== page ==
I’m keeping the helmet, though.

A matter of pride (ok, Pride™)

Happy Monday to you, readers.

As some of you are aware, this past weekend was, in many large urban areas, the annual LGBT Pride Parade and gay-stravaganza. Due to a series of circumstances best explained later (in a quiet room, by attorneys, with a box of tissues nearby) I did not attend this year, and instead ate veggie pizza and watched Little Britain, which certainly qualifies as some sort of Queer Pride event, I think.

With June, the official month of Pride™, drawing to a close today, my thoughts have turned to what exactly it is the LGBT community has to be proud about this year. As it turns out, we have quite a bit:

“How much for the ‘Hers & Hers’ bath towels?” Yeah, okay, the big deal right now is the legalization of gay marriage in California. Without opening the “This is the best thing since Robin Meade wore the green silk top/This is the worst thing since Ellen got a talk show” Debate of Hate, let me say that I think we can be proud as a community that we refuse to be told that different = less. Semantics aside, there’s a certain amount of Orwellian bias inherent in “we get marriage, you can have ‘unions.'” To paraphrase Rev. Martin Luther King Jr., “Don’t tell me to wait for my freedom.”

“Separate but equal” is a little long in the tooth to be propped up as a justification for denying loving couples the right to share that love in a public forum (as well as obtain the civil benefits of marriage, both tangible and intangible).

Also, if you’re looking for a career, I suggest getting into the wedding planning industry now, kids – ’cause we ’bout the blow the lid off that thang, as the kids say (which kids, we’re not sure. Possibly these). Seriously, ladies and gentlemen (or ladies and ladies, and gentlemen and gentlemen, or other calculable permutations thereof), the LGBT community has MAD disposable income, and once we’re actually able to get hitched, we set the bar high. Very high.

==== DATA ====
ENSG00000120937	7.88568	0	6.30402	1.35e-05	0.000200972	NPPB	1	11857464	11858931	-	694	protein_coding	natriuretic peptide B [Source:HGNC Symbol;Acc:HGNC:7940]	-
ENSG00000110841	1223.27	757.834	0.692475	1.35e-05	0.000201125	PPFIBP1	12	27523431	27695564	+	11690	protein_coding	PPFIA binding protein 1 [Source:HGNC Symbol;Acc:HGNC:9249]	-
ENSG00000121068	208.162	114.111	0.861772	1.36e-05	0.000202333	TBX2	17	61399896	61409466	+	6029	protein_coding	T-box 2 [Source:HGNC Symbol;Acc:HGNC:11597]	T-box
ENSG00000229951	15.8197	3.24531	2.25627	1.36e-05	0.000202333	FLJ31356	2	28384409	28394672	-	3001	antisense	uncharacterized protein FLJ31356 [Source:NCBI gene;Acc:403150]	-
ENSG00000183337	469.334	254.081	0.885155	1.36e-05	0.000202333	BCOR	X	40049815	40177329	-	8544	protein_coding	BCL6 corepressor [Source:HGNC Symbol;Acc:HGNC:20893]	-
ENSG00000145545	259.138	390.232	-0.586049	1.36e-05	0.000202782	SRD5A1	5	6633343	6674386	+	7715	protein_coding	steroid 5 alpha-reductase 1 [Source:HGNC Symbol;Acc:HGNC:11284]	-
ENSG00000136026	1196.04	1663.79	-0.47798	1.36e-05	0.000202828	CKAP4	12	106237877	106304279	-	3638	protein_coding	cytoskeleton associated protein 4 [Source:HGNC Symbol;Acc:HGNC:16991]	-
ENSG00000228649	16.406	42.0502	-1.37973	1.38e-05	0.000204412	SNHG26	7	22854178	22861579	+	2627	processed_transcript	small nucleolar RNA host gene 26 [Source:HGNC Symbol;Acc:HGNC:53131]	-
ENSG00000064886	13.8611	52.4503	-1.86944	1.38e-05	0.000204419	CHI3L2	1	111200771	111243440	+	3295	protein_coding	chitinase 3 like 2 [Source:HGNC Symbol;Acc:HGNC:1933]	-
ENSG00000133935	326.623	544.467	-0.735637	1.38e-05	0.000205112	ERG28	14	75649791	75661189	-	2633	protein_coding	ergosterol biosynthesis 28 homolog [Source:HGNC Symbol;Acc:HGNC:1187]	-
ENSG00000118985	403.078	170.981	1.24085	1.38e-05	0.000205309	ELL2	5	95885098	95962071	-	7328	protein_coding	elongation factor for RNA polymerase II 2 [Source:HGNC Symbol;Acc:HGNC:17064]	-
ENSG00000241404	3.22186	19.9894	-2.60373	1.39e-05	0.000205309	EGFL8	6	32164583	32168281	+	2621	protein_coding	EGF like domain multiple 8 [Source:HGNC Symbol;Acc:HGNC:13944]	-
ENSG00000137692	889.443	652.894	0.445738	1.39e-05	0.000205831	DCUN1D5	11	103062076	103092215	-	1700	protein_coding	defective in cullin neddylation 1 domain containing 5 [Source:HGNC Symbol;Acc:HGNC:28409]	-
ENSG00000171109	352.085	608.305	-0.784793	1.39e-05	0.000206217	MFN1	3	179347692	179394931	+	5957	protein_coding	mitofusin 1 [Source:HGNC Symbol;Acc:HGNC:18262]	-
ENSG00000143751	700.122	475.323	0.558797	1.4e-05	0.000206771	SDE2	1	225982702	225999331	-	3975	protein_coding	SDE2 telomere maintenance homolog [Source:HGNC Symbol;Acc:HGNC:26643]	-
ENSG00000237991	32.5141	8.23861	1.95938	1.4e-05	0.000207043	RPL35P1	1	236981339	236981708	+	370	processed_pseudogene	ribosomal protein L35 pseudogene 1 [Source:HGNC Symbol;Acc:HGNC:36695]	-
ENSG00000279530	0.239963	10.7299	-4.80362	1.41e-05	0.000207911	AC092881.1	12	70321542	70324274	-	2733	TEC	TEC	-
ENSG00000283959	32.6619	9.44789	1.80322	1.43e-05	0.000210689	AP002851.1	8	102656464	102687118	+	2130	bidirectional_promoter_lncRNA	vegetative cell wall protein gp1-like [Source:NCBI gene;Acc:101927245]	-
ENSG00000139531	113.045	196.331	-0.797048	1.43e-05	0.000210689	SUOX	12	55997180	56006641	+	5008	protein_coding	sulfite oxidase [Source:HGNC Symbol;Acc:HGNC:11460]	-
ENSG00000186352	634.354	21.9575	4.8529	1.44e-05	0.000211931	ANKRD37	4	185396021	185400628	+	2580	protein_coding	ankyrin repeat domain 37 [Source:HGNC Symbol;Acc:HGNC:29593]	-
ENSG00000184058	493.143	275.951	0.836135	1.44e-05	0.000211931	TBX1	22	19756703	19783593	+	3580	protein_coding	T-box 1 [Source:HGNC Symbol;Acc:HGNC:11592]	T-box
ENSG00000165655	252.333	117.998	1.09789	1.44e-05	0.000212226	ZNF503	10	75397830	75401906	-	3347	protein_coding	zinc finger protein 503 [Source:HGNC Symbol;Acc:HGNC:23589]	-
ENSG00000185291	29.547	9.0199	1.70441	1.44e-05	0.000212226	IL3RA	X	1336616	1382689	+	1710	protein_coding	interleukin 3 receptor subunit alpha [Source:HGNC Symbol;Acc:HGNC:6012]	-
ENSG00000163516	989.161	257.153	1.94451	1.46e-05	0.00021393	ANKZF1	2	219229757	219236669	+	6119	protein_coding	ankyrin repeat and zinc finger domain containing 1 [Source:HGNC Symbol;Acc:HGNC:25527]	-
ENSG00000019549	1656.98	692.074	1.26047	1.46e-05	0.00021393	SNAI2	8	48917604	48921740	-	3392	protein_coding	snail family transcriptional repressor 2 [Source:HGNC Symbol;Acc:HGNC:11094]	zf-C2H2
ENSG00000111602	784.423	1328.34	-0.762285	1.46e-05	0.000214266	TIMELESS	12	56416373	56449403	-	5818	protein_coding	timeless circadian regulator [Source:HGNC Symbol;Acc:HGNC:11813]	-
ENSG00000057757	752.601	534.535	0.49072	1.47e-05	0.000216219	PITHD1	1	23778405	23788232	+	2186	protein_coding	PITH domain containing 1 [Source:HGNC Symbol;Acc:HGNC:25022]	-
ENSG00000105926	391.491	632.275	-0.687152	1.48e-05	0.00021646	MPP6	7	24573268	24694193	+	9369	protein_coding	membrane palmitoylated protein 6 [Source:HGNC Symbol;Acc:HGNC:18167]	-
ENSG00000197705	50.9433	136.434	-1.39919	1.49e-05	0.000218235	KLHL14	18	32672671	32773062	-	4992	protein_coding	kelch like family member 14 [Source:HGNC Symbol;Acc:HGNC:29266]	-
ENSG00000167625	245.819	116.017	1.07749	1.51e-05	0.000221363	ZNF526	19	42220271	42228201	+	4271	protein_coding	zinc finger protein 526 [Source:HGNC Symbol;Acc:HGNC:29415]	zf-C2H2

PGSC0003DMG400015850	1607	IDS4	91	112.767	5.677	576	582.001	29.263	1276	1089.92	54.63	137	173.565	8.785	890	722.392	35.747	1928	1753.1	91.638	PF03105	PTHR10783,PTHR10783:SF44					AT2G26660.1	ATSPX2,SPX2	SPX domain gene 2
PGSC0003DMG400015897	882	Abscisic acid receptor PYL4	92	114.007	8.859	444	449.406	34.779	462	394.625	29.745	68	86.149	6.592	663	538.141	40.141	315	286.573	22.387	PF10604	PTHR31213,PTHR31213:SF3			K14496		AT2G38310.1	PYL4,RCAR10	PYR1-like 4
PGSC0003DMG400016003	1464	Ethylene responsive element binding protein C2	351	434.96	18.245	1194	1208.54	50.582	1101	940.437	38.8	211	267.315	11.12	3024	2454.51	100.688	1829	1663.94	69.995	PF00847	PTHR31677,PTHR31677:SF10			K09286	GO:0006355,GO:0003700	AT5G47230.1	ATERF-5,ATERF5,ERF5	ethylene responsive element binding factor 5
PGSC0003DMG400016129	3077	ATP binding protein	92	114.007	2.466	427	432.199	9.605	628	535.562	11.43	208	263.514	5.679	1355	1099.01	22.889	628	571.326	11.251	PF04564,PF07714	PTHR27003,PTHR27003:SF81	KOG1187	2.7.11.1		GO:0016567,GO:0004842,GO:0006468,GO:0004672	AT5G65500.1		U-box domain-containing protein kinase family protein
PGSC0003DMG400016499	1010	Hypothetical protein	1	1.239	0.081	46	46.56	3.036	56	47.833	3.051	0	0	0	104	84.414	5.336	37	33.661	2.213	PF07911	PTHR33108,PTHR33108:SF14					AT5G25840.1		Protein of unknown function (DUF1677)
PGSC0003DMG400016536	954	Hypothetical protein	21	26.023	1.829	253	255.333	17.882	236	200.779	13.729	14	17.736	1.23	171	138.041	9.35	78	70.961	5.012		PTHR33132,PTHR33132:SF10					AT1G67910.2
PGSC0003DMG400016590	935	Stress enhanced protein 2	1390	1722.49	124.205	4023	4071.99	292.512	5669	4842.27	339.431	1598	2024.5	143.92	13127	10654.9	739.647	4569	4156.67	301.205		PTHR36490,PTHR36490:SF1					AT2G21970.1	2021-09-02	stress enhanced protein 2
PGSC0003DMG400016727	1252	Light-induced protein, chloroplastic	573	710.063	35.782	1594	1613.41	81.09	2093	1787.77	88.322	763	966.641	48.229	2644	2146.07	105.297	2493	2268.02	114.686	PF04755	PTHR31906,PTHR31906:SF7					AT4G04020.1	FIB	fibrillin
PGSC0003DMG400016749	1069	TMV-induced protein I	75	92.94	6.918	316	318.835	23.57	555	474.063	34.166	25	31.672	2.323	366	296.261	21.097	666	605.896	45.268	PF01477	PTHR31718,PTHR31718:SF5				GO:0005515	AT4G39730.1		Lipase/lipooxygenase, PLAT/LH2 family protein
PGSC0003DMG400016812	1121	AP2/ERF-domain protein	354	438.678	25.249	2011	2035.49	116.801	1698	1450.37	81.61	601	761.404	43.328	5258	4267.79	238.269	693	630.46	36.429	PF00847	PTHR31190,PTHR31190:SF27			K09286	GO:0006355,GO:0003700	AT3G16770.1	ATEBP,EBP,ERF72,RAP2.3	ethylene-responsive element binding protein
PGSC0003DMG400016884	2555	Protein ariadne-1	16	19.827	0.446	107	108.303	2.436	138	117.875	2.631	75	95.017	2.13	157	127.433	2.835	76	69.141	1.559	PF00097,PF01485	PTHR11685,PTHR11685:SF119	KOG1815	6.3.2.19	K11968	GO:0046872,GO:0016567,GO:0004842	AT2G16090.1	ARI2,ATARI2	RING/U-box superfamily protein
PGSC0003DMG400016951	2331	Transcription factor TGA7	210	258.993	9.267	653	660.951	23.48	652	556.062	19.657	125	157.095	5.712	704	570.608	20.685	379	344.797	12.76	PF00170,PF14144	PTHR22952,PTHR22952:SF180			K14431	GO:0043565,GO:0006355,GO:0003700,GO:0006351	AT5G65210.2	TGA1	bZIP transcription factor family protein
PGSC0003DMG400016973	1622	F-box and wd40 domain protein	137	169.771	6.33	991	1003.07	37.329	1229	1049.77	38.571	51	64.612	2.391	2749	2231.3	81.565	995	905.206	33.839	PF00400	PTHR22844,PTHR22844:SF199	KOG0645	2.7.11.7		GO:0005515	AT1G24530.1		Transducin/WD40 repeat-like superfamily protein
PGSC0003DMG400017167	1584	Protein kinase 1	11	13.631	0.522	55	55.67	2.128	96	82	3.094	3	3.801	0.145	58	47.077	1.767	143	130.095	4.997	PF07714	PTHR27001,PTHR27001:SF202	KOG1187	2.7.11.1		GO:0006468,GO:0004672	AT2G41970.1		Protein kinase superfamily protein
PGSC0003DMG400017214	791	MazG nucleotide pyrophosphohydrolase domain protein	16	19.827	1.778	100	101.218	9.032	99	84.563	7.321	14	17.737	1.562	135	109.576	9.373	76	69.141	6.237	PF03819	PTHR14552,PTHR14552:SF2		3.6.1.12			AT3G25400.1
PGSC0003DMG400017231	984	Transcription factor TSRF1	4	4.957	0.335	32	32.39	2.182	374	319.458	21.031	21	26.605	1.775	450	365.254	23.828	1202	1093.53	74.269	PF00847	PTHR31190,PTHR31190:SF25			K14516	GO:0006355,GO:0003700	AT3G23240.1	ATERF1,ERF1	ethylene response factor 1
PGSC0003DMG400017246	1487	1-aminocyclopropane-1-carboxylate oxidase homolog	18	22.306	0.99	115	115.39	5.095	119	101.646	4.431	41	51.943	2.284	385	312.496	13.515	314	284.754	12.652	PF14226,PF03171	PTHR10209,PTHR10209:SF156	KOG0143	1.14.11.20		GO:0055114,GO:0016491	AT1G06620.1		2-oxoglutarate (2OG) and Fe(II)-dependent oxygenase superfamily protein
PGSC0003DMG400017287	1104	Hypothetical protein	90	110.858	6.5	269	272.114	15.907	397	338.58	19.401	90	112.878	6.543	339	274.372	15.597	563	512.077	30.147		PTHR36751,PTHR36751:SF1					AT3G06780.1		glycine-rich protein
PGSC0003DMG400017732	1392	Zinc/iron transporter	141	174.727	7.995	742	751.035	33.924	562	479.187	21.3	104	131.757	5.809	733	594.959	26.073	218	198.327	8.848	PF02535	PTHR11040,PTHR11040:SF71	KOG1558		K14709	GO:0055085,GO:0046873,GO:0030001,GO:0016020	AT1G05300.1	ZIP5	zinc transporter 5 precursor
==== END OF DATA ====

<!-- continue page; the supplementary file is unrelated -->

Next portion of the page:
Congress finally paid attention to us. By “us,” I mean “transgendered Americans.” Congress recently held hearings on workplace discrimination toward Transgendered individuals throughout the country, and it’s my sincere hope that the testimony they heard will convince them to add us to the Workplace Discrimination Act’s protected classes…not because we’re oh-so-super-special, but because we deserve to work without fear of termination because someone has a wild hair you-know-where and decides to use their bias as a crowbar to set us adrift in the seas of joblessness.

Believe me when I say that I cannot wait for this to happen (the addition to the WDA, not the whole crowbar-into-joblessness thing). Having experienced this type of discrimination myself, I assure you that NOBODY deserves to be treated this way…dislike me, backstab me…hell, sit and bitch about what a freak I am to our coworkers while I’m sitting unseen in a booth behind you, you drunken, corpse-faced grimalkin…but don’t try to get me canned with lies, and DEFINITELY remember that karma’s a bitch (Actually, she’s usually quite lovely, and very giving, but if you accidentally call while she’s watching her “stories,” she’ll light into you, yo).